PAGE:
BOOK REVIEW / In defence of a warrior queen: 'Dragon Lady: The Life and Legend of the Last Empress of China' - Sterling Seagrave: Macmillan, 20 pounds

Penelope Fitzgerald
Saturday 04 July 1992 23:02
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THE Dragon Empress, Tzu Hsi, had read about Queen Victoria, but thought that she herself must be the cleverest woman who ever lived. She had been a low-ranking concubine of the lethargic Hsien Feng Emperor, and had borne his only living son. This (although there was no Chinese law of primogeniture) gave her status in the Imperial household. When Hsien Feng died she became Dowager Empress and regent and ruled China for nearly half a century, surviving the Anglo-

French invasion, the Opium Wars, defeat by Japan, the Boxer uprisings, the whole disastrous collision course between the Middle Kingdom and the expansionist Western demons.

'For forty years have I lain on brushwood and eaten bitterness because of them,' she said. She saw Peking fall twice. But in 1908 she died peacefully in the Forbidden City, wearing the Robes of Longevity, her face correctly turned towards the south.

Tzu Hsi was not a Chinese girl with lily feet but a tough Manchu from the South. That she came from a poor official's family but died worth millions in gold and silver shows that she was certainly acquisitive. But, beyond that, she has emerged from the doubtful territory where history, folk-tale and court memoirs illegitimately meet with the reputation of a monster.

How many did she cause to be poisoned? How many of the 3,000 eunuchs of her court were uncastrated lovers? Was she a rank sadist, ordering the Pearl Concubine, her nephew's favourite, to be drowned in a well before her eyes, and, in lighter mood, admiring Nature's soft veil of rain all the more because her attendants were getting wet? Was her obstinacy responsible for the fall of the Ching dynasty?

Sterling Seagrave thinks not. He sees Tzu Hsi not as an iron-willed, over-sexed tyrant, but as 'a sad and uncertain woman anxious to be liked . . . increasingly stricken by her inability to control events.' Her real function, as he sees it, was as an arbitrator and moderator. His book, he says, is 'a study of how a myth is contrived', and after 11 years' research he names the contrivers. They include:

1 Provincial Viceroy Li Hung Chang, who controlled the country's railways, steamships and telegraphs, and his own private army and spy system. Li needed the Empress to remain in power, so that she could take the blame. But he blackened her reputation by spreading stories of Chinese atrocities and encouraged the Allied invasion of 1900, which left him in considerable profit as the sole negotiator.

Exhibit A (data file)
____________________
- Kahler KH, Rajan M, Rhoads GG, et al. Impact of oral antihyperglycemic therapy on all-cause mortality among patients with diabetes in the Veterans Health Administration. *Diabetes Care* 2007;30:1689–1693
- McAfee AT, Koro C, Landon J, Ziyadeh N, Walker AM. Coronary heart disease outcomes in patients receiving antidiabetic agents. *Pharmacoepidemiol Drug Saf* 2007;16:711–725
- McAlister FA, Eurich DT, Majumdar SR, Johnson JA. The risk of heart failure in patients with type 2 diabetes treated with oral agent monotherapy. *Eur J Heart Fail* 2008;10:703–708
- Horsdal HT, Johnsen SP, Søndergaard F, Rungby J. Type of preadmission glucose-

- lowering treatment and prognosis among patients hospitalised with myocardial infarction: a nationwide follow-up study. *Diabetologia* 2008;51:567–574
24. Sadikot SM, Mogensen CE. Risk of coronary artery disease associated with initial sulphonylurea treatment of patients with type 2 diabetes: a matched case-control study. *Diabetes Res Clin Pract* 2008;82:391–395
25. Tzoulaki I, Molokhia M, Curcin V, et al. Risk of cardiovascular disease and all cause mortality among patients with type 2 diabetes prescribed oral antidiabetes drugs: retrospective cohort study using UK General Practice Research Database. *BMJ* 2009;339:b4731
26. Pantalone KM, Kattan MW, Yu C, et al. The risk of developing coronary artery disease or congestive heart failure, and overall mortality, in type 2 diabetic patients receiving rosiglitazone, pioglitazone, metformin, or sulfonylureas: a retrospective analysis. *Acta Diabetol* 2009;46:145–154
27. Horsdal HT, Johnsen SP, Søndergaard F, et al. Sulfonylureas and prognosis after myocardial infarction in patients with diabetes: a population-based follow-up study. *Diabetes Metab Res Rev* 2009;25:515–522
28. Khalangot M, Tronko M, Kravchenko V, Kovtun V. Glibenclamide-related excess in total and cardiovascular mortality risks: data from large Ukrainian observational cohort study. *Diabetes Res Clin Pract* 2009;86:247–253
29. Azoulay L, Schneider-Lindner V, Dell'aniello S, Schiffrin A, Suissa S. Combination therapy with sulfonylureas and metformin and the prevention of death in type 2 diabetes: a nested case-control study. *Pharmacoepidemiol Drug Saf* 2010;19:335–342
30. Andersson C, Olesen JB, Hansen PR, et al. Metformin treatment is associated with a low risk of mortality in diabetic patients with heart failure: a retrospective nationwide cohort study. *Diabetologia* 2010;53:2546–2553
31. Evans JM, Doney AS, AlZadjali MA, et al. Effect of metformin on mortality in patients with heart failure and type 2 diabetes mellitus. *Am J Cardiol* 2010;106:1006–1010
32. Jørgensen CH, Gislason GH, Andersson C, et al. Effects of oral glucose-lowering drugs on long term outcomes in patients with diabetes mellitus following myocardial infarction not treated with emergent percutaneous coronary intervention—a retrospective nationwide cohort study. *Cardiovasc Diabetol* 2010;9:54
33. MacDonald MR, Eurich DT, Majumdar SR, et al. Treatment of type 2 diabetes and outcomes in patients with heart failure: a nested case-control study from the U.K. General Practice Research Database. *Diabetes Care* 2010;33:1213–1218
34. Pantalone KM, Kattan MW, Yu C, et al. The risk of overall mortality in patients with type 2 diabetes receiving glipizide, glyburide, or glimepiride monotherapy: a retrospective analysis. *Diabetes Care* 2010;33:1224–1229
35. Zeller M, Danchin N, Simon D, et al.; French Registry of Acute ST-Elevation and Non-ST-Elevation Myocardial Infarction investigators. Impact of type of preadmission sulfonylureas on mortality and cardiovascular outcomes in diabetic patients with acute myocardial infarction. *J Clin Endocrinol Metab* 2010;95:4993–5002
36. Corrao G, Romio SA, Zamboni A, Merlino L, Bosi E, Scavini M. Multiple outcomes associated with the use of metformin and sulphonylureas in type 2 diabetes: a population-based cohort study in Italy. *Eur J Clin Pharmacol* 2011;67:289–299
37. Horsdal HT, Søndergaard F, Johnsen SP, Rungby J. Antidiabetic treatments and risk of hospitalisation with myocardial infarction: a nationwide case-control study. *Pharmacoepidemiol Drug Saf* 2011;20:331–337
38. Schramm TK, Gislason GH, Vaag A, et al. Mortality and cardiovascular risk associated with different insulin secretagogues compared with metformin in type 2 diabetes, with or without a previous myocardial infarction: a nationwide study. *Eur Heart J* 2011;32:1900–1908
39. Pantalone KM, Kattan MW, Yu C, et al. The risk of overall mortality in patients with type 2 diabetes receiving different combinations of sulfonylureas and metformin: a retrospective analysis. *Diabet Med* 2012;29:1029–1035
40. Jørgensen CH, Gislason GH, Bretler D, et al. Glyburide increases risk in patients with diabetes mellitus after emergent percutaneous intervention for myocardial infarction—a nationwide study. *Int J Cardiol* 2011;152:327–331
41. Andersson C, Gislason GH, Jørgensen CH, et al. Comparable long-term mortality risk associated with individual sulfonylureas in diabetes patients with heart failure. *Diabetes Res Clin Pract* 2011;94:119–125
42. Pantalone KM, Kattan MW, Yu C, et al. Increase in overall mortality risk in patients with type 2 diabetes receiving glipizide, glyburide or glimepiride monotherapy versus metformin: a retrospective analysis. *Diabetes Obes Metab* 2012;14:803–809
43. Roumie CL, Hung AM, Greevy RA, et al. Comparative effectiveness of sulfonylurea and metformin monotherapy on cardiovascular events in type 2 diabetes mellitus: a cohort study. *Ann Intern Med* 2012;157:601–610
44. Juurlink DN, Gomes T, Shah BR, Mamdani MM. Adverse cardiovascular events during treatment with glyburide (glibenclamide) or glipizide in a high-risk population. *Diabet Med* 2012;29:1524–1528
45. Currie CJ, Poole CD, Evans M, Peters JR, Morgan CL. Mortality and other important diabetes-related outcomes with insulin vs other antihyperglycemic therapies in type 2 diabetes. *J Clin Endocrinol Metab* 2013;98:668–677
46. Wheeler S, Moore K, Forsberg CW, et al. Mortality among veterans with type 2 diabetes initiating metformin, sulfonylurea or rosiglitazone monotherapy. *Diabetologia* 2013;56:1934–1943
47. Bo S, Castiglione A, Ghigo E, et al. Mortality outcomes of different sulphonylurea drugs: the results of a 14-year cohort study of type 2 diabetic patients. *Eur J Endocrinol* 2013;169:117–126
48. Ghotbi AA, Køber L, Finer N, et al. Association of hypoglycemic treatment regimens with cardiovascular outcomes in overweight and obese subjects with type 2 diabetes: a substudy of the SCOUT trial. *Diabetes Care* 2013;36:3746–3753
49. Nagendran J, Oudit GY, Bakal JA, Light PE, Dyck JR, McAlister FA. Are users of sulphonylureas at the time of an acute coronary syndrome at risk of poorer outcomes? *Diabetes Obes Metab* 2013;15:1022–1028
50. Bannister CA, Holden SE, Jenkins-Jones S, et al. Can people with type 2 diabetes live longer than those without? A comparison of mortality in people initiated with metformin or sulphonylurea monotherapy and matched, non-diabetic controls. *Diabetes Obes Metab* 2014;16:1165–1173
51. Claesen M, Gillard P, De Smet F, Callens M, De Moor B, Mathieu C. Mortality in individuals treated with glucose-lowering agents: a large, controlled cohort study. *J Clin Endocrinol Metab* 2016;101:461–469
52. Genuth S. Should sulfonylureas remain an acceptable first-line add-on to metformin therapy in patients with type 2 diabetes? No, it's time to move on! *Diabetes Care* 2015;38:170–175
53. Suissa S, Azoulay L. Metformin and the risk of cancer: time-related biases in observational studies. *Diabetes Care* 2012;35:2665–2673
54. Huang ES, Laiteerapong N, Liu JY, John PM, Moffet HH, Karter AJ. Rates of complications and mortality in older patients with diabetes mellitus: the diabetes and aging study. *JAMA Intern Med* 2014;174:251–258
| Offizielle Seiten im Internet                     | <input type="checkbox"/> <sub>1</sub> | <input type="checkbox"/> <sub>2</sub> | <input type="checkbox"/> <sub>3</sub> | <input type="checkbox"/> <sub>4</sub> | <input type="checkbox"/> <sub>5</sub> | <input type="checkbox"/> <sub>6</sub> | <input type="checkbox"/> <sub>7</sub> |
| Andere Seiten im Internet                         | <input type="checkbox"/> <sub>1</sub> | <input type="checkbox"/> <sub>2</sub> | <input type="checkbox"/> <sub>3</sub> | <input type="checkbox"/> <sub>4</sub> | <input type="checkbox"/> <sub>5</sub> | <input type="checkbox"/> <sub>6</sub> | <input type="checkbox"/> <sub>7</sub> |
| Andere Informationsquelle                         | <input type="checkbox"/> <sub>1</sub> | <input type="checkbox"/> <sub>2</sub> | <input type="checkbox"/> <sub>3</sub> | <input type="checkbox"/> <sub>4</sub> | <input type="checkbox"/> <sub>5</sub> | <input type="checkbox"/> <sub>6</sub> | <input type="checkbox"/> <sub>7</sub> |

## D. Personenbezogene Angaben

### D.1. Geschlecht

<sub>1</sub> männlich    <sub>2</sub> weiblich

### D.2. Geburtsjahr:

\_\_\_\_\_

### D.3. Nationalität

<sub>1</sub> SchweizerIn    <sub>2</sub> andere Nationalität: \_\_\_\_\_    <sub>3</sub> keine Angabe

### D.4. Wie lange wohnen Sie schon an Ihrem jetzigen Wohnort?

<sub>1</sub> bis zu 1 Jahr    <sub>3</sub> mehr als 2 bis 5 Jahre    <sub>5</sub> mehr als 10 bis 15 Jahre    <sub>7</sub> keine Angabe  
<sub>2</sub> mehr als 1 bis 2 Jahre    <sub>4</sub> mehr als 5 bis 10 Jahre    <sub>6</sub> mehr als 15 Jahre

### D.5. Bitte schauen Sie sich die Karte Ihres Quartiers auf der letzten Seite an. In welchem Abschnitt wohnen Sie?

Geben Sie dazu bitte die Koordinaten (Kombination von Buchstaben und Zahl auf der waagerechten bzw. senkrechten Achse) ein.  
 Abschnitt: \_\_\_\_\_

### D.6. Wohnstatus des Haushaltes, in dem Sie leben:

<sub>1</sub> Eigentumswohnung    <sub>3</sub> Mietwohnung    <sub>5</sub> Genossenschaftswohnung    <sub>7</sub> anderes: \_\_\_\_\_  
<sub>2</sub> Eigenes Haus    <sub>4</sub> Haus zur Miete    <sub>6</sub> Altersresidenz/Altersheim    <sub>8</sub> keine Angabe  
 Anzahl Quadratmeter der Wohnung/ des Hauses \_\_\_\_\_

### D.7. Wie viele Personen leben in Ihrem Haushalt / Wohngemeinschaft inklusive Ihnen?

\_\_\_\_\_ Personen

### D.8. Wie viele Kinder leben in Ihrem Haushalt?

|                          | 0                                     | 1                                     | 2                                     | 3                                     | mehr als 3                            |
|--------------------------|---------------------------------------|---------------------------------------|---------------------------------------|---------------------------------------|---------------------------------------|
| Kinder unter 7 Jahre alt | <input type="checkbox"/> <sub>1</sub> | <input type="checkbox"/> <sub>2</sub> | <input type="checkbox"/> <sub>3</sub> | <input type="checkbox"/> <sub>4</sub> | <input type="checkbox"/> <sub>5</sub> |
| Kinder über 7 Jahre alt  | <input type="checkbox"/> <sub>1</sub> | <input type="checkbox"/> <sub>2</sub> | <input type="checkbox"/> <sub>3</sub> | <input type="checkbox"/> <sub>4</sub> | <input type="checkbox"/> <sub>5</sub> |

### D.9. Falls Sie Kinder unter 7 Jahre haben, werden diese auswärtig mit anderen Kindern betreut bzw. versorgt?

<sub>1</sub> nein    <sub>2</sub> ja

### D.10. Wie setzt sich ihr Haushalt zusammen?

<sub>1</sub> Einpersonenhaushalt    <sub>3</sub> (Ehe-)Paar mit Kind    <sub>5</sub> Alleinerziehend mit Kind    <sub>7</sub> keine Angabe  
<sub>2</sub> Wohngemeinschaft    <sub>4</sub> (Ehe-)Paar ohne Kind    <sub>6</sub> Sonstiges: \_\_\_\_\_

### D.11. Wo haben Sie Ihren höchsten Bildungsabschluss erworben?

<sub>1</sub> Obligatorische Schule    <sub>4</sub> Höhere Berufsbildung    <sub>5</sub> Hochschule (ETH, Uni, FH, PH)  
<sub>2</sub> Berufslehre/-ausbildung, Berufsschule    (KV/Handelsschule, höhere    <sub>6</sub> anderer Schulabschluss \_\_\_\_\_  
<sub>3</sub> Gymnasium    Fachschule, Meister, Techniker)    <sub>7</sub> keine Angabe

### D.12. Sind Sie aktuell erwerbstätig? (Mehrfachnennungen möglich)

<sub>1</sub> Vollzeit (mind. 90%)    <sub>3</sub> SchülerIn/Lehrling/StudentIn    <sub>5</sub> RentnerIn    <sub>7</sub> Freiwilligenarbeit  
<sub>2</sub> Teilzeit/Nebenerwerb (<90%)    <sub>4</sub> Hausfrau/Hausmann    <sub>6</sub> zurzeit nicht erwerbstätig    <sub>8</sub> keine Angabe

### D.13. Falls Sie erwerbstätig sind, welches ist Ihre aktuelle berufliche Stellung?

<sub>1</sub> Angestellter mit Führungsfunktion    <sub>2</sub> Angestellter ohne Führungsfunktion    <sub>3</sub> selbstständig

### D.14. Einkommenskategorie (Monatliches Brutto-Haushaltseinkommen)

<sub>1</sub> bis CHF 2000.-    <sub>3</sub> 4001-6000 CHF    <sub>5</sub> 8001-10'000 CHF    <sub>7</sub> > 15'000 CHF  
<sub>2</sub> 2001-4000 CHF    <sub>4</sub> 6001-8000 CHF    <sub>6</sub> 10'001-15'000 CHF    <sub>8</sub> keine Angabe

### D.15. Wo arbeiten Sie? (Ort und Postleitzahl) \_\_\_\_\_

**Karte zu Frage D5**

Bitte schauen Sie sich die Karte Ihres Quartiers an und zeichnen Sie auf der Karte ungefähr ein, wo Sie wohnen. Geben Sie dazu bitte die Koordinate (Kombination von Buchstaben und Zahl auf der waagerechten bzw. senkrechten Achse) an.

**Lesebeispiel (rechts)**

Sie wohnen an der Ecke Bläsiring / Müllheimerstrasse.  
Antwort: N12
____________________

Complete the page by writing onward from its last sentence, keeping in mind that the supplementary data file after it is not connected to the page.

2 The reformer Kang Yu-weh, usually described as a rule-breaking scholar and idealist, who dreamed of a new China without private property or Confucian constraints and with complete equality of all races. To Seagrave, Kang is 'a fraud, a poseur, a plagiarist, a liar'. After the blood-stained failure of the Hundred Days' Reform in 1898, Kang escaped to Japan and began, Seagrave says, a malignant campaign of propaganda against the Empress.

3 Edmund Backhouse, a gentlemanly linguist who arrived in Peking in 1899 and became the most famous Sinologue in residence. Backhouse was a compulsive forger and inventor of diaries and documents. In 1910 he collaborated on the monumental, fascinating but unreliable China Under the Empress Dowager, which 'confirmed everyone's worst suspicions'.

4 George Morrison, the celebrated Times correspondent, of whom Seagrave gives a very dark version. Although Morrison was welcome everywhere, and was the kind of Victorian who walked alone across Australia, he never learned Chinese. As a result, his despatches relied more and more on Backhouse's beguiling inventions. His influence on recorded history 'altered the international equation for nearly a century afterwards'.

Backhouse deceived for the joy of deceiving, and has been thoroughly exposed already, in Hugh Trevor-

Roper's Hermit of Peking, but there is much more record-straightening to do. Seagrave is exhaustive and exhausting. He has examined (to give one example out of hundreds) the well where the Pearl Concubine was supposed to have drowned, and found it was too small to admit even a child. But if you want to judge Seagrave you have to slog it out with him, li by li. Never mind the repetitions, never mind the sometimes irrelevant material. After 500 pages or so I was worn down, though still at times faintly protesting.

Chinese schoolchildren touring the Forbidden City are still told, by a recorded voice, that the Dragon Empress was a villainess. Seagrave is determined to relegate her from the ranks of the manipulators to the manipulated. Such is the fate of warrior queens.

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